Peak Copper

By: Silver Analyst | Thu, Dec 15, 2005
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If oil is the most important commodity, then copper cannot be far behind. Being used extensively in electrical power cables, electrical equipment, automobile radiators, cooling/refrigeration tubing, heat exchangers, artillery shell casings, optical fibre, water pipes, drain pipes, plumbing and even jewellery, this reddish-brown metal is a commodity that the world can ill afford to be in short supply of.

But the fact of the matter is that copper is yet another metal that is in a mining deficit that was predicted to be 700,000 tons in 2004 by the USGS 2005 summary. That would be about 5% of the estimated 14.5 million tons produced worldwide. As a result, stockpiles have reduced and prices have increased to over the $2 a pound mark recently.

Against this backdrop, I was nevertheless surprised to read recent comments by Ross Beaty, the chairman of Pan American Silver and Lumina Copper, that global copper production was approaching its own version of "Peak Oil" or shall we say "Peak Copper"?

His remarks can be found in this article. But his main points centred on such facts as:

Does not all this sound familiar to the arguments of the Peak Oil debate?

When we look at the comparative reserve numbers for oil and copper we also get a sense of an impending dual peak scenario. Worldwide economic reserves of copper are stated to be 470 million tonnes by the USGS 2005 summary for copper. If the 2004 mine production figure of 14.5 million tonnes is held steady into the future, copper would be exhausted within 33 years.

If we also assume about 1 trillion barrels of oil remains to be economically recovered worldwide with a current annual production of 30 billion barrels then we come out with a similar reserve lifetime of 33 years. Coincidence? Not if we realise that increased energy consumption means increased metal consumption. The two go hand in hand.

When might this peak come around? That is probably a little easier to calculate than oil since secrecy about copper reserves is much less prevalent. But the shocking news that Chile, which produces one third of the world's copper, may begin to decline irreversibly in 2008 suggests that as Chile goes, so goes the world.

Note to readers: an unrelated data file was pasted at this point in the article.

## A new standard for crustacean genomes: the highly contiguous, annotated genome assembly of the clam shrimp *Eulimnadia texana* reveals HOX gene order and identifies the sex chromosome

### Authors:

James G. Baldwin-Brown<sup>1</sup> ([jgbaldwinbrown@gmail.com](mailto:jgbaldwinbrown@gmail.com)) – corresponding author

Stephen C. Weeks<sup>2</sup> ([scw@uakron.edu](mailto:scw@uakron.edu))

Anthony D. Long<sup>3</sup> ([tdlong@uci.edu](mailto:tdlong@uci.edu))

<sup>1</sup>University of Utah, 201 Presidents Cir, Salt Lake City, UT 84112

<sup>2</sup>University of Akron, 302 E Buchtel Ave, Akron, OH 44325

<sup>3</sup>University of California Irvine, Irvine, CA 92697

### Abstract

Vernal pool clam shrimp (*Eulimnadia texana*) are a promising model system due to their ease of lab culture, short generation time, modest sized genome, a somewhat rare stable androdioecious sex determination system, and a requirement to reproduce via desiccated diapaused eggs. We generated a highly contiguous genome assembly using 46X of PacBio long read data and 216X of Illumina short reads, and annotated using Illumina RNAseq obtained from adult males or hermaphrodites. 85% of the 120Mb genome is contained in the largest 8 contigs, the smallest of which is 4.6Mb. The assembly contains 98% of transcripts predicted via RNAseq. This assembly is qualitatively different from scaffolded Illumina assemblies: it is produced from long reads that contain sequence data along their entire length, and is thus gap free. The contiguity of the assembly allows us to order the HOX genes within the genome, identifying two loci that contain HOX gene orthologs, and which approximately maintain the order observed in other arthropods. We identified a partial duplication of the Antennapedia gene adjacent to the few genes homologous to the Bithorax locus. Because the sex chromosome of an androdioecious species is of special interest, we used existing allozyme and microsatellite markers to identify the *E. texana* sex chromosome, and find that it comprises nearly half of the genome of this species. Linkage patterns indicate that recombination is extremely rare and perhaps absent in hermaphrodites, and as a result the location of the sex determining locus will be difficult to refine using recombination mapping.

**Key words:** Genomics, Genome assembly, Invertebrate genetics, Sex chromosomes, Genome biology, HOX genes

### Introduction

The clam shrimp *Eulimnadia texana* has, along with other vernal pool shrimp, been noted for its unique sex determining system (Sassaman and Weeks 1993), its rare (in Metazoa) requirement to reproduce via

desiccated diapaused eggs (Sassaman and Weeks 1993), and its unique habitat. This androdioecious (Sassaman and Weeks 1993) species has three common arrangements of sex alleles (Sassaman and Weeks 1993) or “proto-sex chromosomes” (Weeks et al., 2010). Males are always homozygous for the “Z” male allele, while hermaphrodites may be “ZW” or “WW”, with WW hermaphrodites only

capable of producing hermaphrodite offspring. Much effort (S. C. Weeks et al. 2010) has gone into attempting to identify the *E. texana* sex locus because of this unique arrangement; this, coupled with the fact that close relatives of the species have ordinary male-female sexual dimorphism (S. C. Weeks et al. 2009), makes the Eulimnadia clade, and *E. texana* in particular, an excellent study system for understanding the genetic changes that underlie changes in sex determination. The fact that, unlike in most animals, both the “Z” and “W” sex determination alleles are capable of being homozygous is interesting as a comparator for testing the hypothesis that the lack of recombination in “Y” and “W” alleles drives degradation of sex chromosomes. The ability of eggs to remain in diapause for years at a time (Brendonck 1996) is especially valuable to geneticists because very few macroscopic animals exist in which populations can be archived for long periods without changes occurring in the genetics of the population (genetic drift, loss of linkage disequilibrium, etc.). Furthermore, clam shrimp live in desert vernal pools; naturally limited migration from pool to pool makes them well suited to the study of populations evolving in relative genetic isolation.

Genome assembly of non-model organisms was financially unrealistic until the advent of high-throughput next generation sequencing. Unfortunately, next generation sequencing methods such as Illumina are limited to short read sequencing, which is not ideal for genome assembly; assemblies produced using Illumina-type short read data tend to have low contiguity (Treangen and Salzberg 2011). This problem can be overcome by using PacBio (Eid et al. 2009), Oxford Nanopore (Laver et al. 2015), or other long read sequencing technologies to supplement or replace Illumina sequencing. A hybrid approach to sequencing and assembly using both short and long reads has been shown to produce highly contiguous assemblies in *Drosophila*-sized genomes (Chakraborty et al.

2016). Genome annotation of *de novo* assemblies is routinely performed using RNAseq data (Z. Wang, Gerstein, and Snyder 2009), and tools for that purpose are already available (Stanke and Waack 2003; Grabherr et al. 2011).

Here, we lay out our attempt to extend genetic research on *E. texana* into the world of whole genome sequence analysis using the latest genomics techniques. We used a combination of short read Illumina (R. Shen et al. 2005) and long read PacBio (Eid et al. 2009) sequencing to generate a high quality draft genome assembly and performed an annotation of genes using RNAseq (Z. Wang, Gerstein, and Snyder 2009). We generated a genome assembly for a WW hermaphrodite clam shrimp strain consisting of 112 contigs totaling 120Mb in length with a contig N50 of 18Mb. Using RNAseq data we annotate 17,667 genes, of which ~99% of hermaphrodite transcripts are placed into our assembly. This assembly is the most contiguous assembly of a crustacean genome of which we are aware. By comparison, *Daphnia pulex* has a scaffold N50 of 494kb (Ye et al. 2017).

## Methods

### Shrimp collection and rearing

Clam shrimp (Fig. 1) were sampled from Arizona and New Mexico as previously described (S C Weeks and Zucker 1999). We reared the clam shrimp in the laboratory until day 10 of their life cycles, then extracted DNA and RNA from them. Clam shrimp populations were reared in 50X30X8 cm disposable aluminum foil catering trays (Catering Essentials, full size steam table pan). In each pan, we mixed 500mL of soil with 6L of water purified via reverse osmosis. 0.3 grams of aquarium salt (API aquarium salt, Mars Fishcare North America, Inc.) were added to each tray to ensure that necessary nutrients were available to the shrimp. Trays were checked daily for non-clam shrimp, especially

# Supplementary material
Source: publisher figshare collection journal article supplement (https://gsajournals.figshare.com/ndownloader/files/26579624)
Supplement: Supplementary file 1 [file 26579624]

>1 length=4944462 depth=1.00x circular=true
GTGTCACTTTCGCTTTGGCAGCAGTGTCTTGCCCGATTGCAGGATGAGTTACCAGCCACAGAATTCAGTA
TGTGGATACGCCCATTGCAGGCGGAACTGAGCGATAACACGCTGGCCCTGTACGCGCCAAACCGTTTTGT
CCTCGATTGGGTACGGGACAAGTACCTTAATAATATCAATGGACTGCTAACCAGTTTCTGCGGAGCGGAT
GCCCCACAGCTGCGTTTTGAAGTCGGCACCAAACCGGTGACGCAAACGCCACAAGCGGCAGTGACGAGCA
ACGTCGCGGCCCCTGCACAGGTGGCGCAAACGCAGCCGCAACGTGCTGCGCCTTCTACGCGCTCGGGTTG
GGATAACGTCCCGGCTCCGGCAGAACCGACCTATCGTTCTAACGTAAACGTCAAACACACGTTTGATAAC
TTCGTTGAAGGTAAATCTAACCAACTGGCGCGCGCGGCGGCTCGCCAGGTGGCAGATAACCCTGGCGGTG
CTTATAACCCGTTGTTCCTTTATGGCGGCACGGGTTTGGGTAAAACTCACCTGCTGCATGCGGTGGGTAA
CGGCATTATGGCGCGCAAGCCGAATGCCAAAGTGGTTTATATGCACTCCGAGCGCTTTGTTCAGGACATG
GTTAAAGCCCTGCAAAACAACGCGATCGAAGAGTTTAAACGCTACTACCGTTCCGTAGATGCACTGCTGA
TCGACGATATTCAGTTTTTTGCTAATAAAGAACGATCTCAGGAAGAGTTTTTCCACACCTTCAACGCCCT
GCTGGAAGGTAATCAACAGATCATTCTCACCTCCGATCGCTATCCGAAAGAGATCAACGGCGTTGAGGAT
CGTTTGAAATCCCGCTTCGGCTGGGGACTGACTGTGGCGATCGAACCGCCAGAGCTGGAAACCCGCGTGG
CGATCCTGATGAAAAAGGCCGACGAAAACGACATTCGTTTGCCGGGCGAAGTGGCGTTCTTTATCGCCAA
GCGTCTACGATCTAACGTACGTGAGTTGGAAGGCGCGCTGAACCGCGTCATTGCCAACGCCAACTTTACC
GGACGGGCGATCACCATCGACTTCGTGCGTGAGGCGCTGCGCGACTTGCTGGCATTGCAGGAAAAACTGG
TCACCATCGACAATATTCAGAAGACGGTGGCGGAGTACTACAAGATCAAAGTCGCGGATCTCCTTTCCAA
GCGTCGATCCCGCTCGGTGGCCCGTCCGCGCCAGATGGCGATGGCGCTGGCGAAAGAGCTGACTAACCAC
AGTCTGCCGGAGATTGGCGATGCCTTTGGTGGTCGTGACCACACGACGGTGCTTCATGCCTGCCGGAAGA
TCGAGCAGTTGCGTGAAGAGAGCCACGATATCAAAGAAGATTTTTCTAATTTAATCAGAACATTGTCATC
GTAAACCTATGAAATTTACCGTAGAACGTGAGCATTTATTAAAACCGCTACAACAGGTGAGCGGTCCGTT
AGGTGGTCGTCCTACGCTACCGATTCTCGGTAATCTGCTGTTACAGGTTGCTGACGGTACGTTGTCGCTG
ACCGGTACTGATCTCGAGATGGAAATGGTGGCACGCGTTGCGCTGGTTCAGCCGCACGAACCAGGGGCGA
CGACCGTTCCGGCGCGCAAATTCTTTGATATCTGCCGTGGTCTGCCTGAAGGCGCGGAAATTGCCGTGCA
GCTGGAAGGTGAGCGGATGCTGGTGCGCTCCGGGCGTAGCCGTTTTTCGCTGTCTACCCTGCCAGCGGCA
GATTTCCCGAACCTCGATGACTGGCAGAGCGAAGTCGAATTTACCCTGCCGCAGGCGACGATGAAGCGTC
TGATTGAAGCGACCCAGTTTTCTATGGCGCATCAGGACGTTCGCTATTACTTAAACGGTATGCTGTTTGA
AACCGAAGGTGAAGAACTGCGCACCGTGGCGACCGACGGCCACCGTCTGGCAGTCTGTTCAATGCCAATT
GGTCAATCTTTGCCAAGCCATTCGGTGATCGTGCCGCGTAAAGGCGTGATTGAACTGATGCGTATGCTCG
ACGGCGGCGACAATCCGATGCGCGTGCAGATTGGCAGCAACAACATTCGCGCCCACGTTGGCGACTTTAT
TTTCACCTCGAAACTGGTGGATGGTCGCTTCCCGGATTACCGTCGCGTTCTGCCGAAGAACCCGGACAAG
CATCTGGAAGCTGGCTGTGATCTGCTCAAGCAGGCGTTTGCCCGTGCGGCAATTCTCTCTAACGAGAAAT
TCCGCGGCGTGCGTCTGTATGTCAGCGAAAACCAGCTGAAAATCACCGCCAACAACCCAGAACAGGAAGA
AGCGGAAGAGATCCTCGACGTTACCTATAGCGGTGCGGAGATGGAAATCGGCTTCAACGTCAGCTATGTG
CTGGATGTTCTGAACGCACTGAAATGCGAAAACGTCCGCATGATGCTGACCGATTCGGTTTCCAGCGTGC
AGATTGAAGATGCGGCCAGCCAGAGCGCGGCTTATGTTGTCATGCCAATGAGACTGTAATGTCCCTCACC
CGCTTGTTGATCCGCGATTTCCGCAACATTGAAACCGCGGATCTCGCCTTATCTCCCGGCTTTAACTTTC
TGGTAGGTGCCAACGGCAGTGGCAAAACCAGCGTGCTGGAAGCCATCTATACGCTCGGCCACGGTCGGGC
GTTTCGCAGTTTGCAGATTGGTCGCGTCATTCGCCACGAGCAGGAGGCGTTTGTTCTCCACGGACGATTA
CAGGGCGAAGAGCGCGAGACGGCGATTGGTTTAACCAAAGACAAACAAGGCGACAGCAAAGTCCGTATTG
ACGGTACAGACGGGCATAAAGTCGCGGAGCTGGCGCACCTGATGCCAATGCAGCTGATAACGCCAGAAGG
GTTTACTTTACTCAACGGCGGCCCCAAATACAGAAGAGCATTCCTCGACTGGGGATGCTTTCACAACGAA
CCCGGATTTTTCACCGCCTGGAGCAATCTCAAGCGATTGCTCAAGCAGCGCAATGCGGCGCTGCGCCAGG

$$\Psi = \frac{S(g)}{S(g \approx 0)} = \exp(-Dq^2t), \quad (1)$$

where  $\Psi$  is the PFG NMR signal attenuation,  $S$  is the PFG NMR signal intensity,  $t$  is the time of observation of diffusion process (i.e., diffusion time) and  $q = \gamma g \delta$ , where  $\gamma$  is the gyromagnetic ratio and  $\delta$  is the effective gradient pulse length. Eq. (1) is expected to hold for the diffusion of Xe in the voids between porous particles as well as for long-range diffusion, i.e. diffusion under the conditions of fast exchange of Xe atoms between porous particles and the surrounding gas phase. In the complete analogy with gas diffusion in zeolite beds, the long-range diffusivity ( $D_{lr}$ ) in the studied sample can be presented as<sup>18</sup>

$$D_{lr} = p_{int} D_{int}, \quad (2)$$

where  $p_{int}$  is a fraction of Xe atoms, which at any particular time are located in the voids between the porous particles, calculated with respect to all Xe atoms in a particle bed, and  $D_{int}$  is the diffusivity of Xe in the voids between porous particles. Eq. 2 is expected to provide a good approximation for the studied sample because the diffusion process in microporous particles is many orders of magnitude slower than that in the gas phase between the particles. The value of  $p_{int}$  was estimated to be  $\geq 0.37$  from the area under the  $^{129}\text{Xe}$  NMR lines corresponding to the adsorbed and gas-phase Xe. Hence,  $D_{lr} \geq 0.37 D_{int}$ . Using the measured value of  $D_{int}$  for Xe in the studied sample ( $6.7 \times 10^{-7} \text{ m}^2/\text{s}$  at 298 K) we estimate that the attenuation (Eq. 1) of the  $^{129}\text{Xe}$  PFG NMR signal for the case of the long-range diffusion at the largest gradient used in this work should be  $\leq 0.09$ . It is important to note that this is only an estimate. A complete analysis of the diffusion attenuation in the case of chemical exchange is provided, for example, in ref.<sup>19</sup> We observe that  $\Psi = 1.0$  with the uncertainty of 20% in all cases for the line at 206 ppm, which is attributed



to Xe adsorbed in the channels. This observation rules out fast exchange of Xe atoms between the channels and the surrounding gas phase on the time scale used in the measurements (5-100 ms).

When Chile peaks, the world peaks.

Sounds a bit like the peak oil mantra "When Saudi Arabia peaks, the world peaks".

However, if you believe that reserves are purely a function of price, you may take comfort in the recent USGS suggestion that the total reserve base of copper (economic and uneconomic) is not the 940 million tonnes of its 2005 summary but a whopping 1.6 billion tonnes! Sadly, some reading between the lines of that statement reveals a more sobering truth that half of that estimated tonnage does not appear to have been discovered yet!

Perhaps the USGS is indulging in the same over-optimistic numbers that we have seen it display in its estimates for crude oil. We think so and will continue to work on that assumption.

In conclusion, what are the ramifications of copper supply diminishing in the face of potential increased demand? The answer is far higher prices to begin with. The second answer is substitution of applications using aluminium, titanium and plastics - depending of course on how strained their resource base is.

There is one hope for those consumers who yearn for lower copper prices. When Peak Oil finally arrives, we'll probably enter a severe economic crisis that will kill demand for copper. Then they'll have their lower prices and unlike gold and silver that will see fevered demand as safe haven investments, nobody is going to fly to copper as a store of value.

Roland Watson writes the investment newsletter The New Era Investor that can be purchased for an annual subscription of $99. To view a sample copy of the newsletter, please go to and click on the "View Sample Issue Here" link to the right. Comments are invited by emailing the author at


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